Whale Shark Research – Islands, Marine Life & Lemurs
with Aqua-Firma Photographer Ralph Pannell
& Madagascar's leading Whale Shark Researcher Stella Diamant
Mouse lemurs are the smallest known living primates on Earth, with ongoing debate over which mouse lemur is the smallest. Of 24 different species, the smallest is either the Pygmy Mouse Lemur (average length of 12cm and weight of 50g); or Madame Berthe's Mouse Lemur (average length of 9.2cm and weight of 33g), which we find almost exclusively in the western dry forests of the Kirindy Mitea National Park and the Marofandilia Forest Reserve. At the largest end of the spectrum, with find the Gray Mouse Lemur, whose average weight is 60g; length 13cm.
Common to all mouse lemurs is a proportionately small brain, weighing in at just 2 grams - the smallest of any primate. All species are nocturnal, so they have enlarged eyes to help them cope with low light conditions. They have also evolved developed diverse vocal systems in order to communicate with other lemurs in darkness.
The diets of mouse lemurs usually comprises of fruit, tree sap gum, insects and small vertebrates. During the leaner dry season when there is less food, some mouse lemurs are able to slow down their metabolism to conserve water and energy. Their main predators include owls, hawks such as the Madagascar Harrier Hawk (Polyboroides radiatus), snakes such as the Madagascar Tree Boa (Sanzinia madagascariensis) and Madagascar's apex predator, the Fossa (Cryptoprocta ferox).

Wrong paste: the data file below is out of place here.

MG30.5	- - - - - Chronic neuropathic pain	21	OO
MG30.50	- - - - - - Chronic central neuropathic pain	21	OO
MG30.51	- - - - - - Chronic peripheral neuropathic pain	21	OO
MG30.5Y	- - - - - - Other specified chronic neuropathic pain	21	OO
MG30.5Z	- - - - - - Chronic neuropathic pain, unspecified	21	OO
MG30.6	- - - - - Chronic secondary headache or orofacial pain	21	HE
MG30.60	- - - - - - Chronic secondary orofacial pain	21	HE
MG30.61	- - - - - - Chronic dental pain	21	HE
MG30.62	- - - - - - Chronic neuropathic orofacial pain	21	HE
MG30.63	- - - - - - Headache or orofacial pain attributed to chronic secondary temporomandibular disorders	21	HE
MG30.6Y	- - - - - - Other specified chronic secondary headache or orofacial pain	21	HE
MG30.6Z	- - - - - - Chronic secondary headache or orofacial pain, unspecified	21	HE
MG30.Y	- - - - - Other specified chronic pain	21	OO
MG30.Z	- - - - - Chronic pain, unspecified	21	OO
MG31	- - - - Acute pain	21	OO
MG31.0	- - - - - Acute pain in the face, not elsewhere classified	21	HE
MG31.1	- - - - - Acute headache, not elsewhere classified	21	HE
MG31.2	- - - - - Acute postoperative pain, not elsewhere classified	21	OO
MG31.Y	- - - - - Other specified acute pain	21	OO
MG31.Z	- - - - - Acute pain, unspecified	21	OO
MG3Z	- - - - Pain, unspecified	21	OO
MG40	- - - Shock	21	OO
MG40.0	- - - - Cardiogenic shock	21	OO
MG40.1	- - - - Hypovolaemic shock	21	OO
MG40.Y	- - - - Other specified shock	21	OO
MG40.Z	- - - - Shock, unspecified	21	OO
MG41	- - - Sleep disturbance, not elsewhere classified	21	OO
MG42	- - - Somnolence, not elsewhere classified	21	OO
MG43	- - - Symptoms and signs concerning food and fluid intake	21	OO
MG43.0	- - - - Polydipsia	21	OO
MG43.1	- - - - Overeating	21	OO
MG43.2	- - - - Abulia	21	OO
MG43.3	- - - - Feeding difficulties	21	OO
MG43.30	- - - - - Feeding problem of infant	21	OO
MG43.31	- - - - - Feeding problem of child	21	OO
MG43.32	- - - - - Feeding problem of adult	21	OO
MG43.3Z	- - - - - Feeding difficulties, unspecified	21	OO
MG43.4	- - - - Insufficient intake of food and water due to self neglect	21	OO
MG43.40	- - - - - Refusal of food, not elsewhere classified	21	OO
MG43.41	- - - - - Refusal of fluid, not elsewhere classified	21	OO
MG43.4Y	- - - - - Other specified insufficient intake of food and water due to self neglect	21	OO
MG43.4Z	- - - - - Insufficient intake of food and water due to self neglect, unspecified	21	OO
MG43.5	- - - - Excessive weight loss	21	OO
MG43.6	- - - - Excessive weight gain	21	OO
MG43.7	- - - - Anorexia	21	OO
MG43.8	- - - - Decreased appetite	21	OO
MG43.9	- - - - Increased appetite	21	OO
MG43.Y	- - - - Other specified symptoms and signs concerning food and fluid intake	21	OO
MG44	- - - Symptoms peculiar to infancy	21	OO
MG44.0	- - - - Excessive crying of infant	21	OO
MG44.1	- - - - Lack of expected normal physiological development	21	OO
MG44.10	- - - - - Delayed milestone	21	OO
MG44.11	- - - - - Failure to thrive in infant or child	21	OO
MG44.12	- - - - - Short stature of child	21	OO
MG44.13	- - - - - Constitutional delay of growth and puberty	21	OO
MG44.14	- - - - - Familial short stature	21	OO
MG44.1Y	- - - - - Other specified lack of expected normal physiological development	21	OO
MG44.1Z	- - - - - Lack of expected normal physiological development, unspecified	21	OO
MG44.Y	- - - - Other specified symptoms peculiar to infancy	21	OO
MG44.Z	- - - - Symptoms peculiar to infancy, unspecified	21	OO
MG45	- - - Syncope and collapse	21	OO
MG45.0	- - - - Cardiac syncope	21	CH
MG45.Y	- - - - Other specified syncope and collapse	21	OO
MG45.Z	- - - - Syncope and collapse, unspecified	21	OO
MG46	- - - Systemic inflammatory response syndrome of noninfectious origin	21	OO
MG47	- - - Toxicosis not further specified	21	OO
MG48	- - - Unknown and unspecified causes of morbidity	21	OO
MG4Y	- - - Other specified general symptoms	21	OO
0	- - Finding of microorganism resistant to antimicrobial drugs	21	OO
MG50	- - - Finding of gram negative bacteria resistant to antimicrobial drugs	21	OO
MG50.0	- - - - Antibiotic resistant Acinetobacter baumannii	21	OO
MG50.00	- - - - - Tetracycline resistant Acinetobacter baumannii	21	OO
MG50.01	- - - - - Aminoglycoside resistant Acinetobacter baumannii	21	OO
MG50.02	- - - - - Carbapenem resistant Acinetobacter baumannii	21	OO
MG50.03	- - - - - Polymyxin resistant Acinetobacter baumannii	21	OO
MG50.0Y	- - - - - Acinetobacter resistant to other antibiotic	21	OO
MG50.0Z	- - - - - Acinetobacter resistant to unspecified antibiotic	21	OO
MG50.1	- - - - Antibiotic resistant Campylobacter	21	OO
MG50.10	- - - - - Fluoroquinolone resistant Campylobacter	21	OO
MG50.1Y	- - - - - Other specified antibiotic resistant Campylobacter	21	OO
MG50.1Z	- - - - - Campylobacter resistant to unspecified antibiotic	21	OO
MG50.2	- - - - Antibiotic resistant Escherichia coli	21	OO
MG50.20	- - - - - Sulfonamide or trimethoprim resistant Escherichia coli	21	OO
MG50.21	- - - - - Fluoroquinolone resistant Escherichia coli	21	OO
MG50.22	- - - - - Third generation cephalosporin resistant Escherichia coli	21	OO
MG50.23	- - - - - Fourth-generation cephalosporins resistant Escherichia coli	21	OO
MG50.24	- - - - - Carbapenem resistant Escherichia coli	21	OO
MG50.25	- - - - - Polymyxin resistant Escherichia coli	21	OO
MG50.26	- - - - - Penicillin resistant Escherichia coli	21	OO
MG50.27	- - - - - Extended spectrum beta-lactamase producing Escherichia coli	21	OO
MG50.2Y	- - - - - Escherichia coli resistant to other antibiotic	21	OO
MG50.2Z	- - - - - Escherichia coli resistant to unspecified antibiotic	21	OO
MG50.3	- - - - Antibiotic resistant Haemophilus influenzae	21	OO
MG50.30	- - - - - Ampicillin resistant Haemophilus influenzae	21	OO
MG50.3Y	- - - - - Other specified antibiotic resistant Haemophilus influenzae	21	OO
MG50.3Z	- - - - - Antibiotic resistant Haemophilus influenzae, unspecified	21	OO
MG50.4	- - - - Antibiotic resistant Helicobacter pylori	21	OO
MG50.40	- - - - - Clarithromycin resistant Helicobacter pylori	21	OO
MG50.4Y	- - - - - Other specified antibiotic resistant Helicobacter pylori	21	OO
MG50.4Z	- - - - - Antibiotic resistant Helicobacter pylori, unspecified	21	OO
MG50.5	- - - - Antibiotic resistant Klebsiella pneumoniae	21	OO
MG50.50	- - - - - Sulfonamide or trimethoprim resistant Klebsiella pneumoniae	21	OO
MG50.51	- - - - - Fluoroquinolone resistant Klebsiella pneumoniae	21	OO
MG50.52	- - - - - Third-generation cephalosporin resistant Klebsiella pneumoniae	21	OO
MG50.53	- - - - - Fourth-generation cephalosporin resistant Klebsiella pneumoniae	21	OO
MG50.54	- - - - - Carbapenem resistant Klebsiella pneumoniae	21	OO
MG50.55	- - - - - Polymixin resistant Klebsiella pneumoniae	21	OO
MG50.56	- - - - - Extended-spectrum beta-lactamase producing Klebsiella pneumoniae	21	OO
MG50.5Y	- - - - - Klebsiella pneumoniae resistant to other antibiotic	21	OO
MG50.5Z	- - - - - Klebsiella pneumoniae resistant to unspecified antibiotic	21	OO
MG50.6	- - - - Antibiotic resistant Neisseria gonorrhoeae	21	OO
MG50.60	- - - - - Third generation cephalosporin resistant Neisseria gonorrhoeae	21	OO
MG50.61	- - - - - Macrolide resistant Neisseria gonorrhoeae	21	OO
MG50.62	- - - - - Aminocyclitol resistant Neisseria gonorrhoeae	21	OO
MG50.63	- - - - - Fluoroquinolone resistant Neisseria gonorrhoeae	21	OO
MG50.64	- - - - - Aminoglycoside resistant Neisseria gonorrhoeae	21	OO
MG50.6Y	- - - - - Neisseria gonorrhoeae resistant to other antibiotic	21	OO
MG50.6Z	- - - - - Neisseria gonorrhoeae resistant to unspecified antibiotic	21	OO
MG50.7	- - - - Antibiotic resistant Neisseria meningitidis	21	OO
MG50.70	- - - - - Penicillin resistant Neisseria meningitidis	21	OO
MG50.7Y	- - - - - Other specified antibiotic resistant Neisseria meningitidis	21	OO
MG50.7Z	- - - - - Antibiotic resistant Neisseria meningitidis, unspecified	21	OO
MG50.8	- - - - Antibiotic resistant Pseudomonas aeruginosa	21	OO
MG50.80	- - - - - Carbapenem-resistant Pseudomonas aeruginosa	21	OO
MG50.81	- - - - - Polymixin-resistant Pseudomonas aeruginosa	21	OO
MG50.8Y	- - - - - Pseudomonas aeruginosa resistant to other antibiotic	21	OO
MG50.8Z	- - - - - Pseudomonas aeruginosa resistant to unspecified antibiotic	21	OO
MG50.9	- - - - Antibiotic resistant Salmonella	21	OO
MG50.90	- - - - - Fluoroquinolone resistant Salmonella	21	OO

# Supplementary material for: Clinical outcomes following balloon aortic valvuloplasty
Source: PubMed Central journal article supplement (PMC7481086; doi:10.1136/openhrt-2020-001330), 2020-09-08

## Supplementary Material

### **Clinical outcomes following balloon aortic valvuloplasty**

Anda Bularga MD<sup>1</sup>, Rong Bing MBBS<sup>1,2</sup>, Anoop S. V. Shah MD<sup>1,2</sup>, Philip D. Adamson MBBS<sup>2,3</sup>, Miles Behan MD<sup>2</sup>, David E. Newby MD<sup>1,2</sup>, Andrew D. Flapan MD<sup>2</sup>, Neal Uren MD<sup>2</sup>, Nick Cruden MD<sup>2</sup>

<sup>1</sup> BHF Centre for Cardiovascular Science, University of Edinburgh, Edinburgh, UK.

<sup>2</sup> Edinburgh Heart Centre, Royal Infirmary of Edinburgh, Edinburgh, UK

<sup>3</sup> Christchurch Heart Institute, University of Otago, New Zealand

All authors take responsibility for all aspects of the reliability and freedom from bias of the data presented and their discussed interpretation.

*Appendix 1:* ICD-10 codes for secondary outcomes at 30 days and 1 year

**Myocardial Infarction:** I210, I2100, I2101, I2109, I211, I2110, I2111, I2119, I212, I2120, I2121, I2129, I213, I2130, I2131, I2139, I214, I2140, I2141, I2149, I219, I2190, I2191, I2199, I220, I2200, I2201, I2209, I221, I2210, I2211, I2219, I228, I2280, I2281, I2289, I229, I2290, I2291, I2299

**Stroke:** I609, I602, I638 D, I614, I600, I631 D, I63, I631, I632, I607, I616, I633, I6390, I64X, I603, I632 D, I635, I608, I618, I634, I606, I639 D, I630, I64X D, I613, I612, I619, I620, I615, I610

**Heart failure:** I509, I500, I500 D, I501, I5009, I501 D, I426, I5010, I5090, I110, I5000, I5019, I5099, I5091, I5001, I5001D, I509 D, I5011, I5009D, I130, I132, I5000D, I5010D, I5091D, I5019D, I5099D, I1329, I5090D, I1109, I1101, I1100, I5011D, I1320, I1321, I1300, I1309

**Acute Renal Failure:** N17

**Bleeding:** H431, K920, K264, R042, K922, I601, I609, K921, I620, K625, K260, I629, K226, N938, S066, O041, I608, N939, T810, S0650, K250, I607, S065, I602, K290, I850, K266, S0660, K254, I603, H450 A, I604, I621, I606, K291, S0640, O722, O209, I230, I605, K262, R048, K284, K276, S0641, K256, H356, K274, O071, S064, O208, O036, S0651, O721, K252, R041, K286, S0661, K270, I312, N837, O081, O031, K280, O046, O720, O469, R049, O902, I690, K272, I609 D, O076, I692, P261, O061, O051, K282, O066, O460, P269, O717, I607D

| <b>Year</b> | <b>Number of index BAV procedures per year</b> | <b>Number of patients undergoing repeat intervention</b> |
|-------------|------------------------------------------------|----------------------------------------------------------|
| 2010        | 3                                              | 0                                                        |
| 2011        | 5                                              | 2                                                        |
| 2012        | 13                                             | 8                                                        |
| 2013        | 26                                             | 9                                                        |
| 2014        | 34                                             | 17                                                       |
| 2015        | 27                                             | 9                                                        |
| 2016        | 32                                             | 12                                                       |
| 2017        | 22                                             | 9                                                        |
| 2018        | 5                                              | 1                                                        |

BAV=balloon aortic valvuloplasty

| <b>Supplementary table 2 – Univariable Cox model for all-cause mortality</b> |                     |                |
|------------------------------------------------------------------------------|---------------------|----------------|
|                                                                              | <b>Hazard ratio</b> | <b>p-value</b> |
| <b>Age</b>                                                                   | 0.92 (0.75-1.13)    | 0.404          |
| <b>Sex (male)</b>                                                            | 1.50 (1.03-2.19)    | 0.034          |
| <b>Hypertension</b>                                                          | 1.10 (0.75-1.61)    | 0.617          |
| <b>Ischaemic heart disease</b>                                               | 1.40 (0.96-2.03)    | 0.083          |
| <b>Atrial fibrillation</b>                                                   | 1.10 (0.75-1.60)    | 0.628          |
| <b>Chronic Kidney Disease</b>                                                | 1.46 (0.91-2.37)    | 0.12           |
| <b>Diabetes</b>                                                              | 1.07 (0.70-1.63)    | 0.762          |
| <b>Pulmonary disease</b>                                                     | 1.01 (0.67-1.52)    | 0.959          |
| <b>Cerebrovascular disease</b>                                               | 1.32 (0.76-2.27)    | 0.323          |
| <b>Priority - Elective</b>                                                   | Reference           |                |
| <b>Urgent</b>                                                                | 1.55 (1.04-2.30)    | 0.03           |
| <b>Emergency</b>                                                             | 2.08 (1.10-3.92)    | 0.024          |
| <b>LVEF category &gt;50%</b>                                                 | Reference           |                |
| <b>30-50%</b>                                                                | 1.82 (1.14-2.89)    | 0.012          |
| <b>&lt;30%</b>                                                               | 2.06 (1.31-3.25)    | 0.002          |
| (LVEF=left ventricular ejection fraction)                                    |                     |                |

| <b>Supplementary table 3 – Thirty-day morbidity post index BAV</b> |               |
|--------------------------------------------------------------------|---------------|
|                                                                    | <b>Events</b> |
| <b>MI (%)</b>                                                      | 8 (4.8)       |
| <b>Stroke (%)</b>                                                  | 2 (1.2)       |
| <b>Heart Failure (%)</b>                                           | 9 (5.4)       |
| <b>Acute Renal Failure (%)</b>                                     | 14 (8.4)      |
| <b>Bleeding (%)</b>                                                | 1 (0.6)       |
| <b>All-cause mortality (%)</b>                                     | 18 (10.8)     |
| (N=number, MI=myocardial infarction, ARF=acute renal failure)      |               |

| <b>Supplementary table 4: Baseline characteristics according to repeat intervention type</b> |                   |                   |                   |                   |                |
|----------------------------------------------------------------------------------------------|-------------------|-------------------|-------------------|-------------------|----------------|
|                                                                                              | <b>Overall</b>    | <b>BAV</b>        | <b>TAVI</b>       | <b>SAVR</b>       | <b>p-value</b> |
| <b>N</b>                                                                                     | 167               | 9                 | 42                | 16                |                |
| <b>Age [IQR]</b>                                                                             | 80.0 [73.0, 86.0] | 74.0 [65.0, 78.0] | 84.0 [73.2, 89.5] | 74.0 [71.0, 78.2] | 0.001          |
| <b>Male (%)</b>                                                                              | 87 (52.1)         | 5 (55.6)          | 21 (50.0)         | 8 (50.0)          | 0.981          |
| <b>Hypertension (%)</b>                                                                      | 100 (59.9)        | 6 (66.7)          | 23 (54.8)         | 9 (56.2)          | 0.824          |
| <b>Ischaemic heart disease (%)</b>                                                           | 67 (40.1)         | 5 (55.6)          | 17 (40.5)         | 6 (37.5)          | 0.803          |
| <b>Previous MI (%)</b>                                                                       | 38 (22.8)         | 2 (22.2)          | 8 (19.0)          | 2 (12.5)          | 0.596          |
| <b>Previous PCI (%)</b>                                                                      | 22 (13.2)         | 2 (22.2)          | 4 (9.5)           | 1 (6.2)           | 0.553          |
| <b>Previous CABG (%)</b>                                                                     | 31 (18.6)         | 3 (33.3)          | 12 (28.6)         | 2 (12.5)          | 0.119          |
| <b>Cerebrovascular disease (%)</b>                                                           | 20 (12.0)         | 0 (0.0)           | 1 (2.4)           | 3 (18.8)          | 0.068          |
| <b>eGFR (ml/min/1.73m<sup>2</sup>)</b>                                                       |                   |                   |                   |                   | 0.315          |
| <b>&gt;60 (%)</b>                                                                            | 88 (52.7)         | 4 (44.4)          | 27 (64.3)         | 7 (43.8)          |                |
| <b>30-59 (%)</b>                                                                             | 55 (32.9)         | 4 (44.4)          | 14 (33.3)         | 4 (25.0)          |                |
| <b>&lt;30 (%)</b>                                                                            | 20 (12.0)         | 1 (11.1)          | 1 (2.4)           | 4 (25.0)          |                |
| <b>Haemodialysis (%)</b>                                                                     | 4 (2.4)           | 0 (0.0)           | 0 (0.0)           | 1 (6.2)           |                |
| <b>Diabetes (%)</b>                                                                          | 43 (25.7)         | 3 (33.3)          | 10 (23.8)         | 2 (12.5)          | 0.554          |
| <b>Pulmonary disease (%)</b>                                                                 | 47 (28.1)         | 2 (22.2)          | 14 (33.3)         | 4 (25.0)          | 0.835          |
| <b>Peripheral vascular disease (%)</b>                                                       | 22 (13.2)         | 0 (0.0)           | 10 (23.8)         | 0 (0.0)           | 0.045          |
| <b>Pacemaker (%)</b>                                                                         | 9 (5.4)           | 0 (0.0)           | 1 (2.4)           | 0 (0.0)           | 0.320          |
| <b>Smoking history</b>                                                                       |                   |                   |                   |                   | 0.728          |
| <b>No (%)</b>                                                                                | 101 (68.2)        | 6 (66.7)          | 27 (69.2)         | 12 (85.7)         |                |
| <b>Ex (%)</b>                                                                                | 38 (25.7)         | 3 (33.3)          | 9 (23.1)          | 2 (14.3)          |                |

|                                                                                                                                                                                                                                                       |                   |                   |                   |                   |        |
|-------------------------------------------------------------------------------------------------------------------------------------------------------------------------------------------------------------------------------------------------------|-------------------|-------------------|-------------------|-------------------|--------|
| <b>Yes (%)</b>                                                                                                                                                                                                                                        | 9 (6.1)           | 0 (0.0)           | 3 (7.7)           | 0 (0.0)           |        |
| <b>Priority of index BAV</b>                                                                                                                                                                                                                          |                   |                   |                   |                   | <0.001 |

Mouse lemurs are surprisingly similar to Dwarf Lemurs in many ways, including their appearance and some behaviour. One of the apparent differences between these two branches of Cheirogaleidae family primates, is the fact that mouse lemurs tend to congregate in large groups of males or females; whilst dwarf lemurs prefer to live in dispersed monogamous groups. Another vital difference between these lemurs is where they decide to nest. Mouse lemurs typically arrange leaves in order to form a nest-resembling structure, whereas dwarf lemurs use tree-hollows to nest in. Both types of lemur are nocturnal and may store fat in their tails.
Despite the populations of mouse lemurs being some of the highest in Madagascar of any lemur type, many of the different species of mouse lemur are labelled as endangered, or even critically endangered e.g. Madame Berthe's Mouse Lemur (Microcebus berthae). The cause of this population decline is mostly down to deforestation as a result of slash-and-burn agriculture. The IUCN predicts that Madame Berthe's Mouse Lemur will become extinct within 10 years if the rate of deforestation in western tropical dry forests continues at the same rate.
See below for some of our trips you can join to see Mouse Lemurs.